At the same time, it’s not clear that new centers of economic and political power are ready, able or willing to play similarly catalytic roles. Amongst them there is interest in taking more incremental, step-by-step engagement in trade liberalization processes, treating each step as a limited experiment, and moving forward only when proof of concept has been established. In some respects, this is positive: new powers provide a powerful demand for the WTO to move away from one-size-fits-all processes and tailor its approaches more closely to diverse circumstances. But with a multiplicity of new poles acting in this fashion, it’s not clear that the fully inclusive, one-country one-vote consensus-dependent processes of the WTO can elicit the kind of leadership needed to reach cloture in negotiating processes—the kind of leadership in the provision of public goods that the “old powers” have traditionally provided.
WTO Article II.3 offers a mechanism for WTO Members to form clubs to advance plurilateral and regional agendas of common interest without necessarily extending involvement to other countries. Resulting RTAs and PAs can be “multilateralized” into WTO structures (i.e., Annex 4) on a consensus of all WTO Members. But this standard is simply too strict and needs to be relaxed. Agreement of countries accounting for a substantial share of world trade should be sufficient for integration of an RTA or PA into the WTO. This would still ensure that truly controversial or problematic agreements could and would be rejected, while at the same time allowing constructive agreements to be brought into the WTO’s more comprehensive framework to advance wider liberalization. RTAs and PAs can be used to engage on policies not currently covered by the WTO and the WTO can use them as the basis for cooperation in new areas.
It’s not clear that the universalist WTO is the place where trade discussions should start: in many ways it is the most difficult path to initiate reform processes. In fact, it’s more obvious that the WTO is where these discussions should finish. With its fully inclusive processes, it’s the venue where agreements made between the world’s largest trading partners can be made more widely operationalizable and extended on a reasonable basis to all countries.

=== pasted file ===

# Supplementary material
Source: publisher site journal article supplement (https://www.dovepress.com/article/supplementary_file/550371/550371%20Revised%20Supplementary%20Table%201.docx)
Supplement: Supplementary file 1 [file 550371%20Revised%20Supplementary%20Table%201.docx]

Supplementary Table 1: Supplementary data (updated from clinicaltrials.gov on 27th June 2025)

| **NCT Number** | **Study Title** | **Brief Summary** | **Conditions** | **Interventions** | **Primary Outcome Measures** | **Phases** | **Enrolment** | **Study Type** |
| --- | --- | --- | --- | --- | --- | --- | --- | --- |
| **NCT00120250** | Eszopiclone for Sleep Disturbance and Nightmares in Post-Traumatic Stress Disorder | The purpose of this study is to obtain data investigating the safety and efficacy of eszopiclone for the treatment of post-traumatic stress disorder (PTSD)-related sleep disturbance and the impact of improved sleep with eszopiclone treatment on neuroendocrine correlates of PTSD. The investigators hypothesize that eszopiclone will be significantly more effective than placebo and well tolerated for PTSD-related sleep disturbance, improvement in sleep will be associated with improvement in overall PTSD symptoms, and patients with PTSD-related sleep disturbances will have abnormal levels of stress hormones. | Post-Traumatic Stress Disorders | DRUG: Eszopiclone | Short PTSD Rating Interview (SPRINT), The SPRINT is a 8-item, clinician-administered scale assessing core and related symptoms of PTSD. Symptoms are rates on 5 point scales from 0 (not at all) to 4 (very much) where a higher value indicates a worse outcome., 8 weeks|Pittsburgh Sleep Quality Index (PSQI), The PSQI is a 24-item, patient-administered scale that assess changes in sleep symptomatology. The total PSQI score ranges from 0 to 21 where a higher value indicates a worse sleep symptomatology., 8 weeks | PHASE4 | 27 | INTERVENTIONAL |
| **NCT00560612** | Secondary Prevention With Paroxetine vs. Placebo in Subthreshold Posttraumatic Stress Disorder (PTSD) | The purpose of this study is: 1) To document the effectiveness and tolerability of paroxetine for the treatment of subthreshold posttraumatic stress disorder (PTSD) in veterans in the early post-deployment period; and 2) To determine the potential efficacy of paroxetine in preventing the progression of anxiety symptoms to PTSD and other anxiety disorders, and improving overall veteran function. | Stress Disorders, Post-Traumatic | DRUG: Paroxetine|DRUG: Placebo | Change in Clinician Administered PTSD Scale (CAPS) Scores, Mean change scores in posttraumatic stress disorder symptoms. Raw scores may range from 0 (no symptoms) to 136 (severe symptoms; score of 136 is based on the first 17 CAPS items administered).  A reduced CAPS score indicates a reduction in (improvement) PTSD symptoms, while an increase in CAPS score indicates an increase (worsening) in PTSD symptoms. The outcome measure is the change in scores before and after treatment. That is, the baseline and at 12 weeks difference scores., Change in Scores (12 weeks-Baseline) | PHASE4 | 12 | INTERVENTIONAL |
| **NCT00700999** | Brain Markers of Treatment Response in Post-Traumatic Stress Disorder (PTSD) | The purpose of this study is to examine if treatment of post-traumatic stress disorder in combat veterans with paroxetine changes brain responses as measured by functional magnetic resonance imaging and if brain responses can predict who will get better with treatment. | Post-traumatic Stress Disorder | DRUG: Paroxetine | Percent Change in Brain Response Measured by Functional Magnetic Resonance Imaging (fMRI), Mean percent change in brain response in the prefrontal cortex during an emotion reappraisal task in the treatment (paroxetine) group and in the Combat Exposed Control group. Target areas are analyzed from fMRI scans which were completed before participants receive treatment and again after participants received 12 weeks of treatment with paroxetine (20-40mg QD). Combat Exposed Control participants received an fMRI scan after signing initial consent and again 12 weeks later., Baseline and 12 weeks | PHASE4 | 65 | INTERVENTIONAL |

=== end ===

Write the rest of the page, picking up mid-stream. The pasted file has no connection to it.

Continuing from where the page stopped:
Ending universality in decision-making
Whilst this wasn’t widely discussed at the Salzburg Global session on New Dynamics in Global Trade, WTO Members need to reconsider the organization’s decision-making processes and make a distinction between the universal, equal voice between countries in the Organization’s affairs and equal power in making decisions that come out of its discussions.
We don’t make decisions by an equally weighted consensus of the world’s countries in other multinational economic fora. At the IMF’s Executive Board, decisions are taken by majorities and supermajorities, and voting power is tied to a member country’s GDP, trade, capital flows and international reserves. At the World Bank, voting power is linked to a country’s paid-in capital. In both Boards, countries are grouped into constituencies and represented by chairs on an Executive Board which is composed of 24 Directors at the IMF and 25 at the Bank. Both Boards exercise decision-making authority delegated by the Boards of Governors of their respective institutions, which are the highest-decision making bodies in both organizations. In both cases, voting power of the Governors is the same as that of the respective Directors.
Nevertheless, the Bank and the Fund provide an instructive example for the WTO. Negotiations at the WTO could be streamlined by delegating most discussions to an executive board of the 20 or so largest trading nations, with the most existential questions reserved for treatment by the full WTO membership. Decision-making could also be weighted by the size of a country’s trade flows across the Membership and within a putative WTO Executive Board, with the most fundamental decisions reserved for one-country one-vote processes in the full WTO Membership. If the goal is substantive trade liberalization rather than narrowly respecting a historical precedent of fully inclusive decision making, then it makes sense to experiment with options along these lines. After all, clinging to notions of universalism that obtain more in the breach than in practice does nothing to change the fact that more than 100 small countries are currently excluded from the mega RTA process under which the bulk of liberalization is presently occurring.